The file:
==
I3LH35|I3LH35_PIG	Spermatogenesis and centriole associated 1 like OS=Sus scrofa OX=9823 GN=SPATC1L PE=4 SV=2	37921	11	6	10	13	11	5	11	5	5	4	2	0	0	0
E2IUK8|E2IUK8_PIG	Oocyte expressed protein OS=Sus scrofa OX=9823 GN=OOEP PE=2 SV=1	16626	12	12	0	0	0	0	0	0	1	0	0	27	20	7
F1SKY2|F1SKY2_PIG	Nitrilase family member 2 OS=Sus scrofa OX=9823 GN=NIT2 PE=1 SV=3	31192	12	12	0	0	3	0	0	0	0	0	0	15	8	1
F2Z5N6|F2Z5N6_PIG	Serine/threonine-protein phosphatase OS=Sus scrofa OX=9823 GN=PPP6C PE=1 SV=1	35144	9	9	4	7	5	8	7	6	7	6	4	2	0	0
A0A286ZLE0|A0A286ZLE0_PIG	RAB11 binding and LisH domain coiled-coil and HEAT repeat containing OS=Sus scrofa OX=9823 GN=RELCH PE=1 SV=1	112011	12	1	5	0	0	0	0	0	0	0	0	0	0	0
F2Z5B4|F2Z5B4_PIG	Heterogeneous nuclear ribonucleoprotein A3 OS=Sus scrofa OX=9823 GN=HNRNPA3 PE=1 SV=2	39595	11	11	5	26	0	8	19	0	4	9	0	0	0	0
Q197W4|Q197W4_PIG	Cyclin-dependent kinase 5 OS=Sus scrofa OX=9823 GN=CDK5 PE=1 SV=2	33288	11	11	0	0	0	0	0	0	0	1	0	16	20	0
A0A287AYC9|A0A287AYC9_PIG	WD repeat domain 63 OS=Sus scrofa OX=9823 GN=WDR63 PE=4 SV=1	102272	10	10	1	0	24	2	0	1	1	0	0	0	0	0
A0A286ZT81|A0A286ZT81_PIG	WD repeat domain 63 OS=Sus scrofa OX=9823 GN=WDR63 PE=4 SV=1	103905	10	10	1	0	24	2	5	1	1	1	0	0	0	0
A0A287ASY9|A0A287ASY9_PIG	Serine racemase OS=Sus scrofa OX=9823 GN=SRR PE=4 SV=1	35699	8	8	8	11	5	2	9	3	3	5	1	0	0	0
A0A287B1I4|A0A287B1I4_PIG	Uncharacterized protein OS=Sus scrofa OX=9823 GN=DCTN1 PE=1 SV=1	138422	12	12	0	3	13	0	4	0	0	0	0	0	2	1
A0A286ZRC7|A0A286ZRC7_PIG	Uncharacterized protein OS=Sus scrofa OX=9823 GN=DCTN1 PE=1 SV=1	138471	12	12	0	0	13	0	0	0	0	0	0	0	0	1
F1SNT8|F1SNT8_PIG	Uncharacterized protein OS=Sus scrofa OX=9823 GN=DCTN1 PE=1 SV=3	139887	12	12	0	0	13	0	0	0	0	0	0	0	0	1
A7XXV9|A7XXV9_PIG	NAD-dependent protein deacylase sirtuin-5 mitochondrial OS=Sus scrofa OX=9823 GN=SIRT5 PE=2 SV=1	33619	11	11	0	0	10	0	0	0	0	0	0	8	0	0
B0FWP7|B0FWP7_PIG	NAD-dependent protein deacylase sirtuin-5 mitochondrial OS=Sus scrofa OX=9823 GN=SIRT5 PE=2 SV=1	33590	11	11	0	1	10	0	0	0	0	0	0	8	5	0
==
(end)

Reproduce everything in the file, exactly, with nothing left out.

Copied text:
I3LH35|I3LH35_PIG	Spermatogenesis and centriole associated 1 like OS=Sus scrofa OX=9823 GN=SPATC1L PE=4 SV=2	37921	11	6	10	13	11	5	11	5	5	4	2	0	0	0
E2IUK8|E2IUK8_PIG	Oocyte expressed protein OS=Sus scrofa OX=9823 GN=OOEP PE=2 SV=1	16626	12	12	0	0	0	0	0	0	1	0	0	27	20	7
F1SKY2|F1SKY2_PIG	Nitrilase family member 2 OS=Sus scrofa OX=9823 GN=NIT2 PE=1 SV=3	31192	12	12	0	0	3	0	0	0	0	0	0	15	8	1
F2Z5N6|F2Z5N6_PIG	Serine/threonine-protein phosphatase OS=Sus scrofa OX=9823 GN=PPP6C PE=1 SV=1	35144	9	9	4	7	5	8	7	6	7	6	4	2	0	0
A0A286ZLE0|A0A286ZLE0_PIG	RAB11 binding and LisH domain coiled-coil and HEAT repeat containing OS=Sus scrofa OX=9823 GN=RELCH PE=1 SV=1	112011	12	1	5	0	0	0	0	0	0	0	0	0	0	0
F2Z5B4|F2Z5B4_PIG	Heterogeneous nuclear ribonucleoprotein A3 OS=Sus scrofa OX=9823 GN=HNRNPA3 PE=1 SV=2	39595	11	11	5	26	0	8	19	0	4	9	0	0	0	0
Q197W4|Q197W4_PIG	Cyclin-dependent kinase 5 OS=Sus scrofa OX=9823 GN=CDK5 PE=1 SV=2	33288	11	11	0	0	0	0	0	0	0	1	0	16	20	0
A0A287AYC9|A0A287AYC9_PIG	WD repeat domain 63 OS=Sus scrofa OX=9823 GN=WDR63 PE=4 SV=1	102272	10	10	1	0	24	2	0	1	1	0	0	0	0	0
A0A286ZT81|A0A286ZT81_PIG	WD repeat domain 63 OS=Sus scrofa OX=9823 GN=WDR63 PE=4 SV=1	103905	10	10	1	0	24	2	5	1	1	1	0	0	0	0
A0A287ASY9|A0A287ASY9_PIG	Serine racemase OS=Sus scrofa OX=9823 GN=SRR PE=4 SV=1	35699	8	8	8	11	5	2	9	3	3	5	1	0	0	0
A0A287B1I4|A0A287B1I4_PIG	Uncharacterized protein OS=Sus scrofa OX=9823 GN=DCTN1 PE=1 SV=1	138422	12	12	0	3	13	0	4	0	0	0	0	0	2	1
A0A286ZRC7|A0A286ZRC7_PIG	Uncharacterized protein OS=Sus scrofa OX=9823 GN=DCTN1 PE=1 SV=1	138471	12	12	0	0	13	0	0	0	0	0	0	0	0	1
F1SNT8|F1SNT8_PIG	Uncharacterized protein OS=Sus scrofa OX=9823 GN=DCTN1 PE=1 SV=3	139887	12	12	0	0	13	0	0	0	0	0	0	0	0	1
A7XXV9|A7XXV9_PIG	NAD-dependent protein deacylase sirtuin-5 mitochondrial OS=Sus scrofa OX=9823 GN=SIRT5 PE=2 SV=1	33619	11	11	0	0	10	0	0	0	0	0	0	8	0	0
B0FWP7|B0FWP7_PIG	NAD-dependent protein deacylase sirtuin-5 mitochondrial OS=Sus scrofa OX=9823 GN=SIRT5 PE=2 SV=1	33590	11	11	0	1	10	0	0	0	0	0	0	8	5	0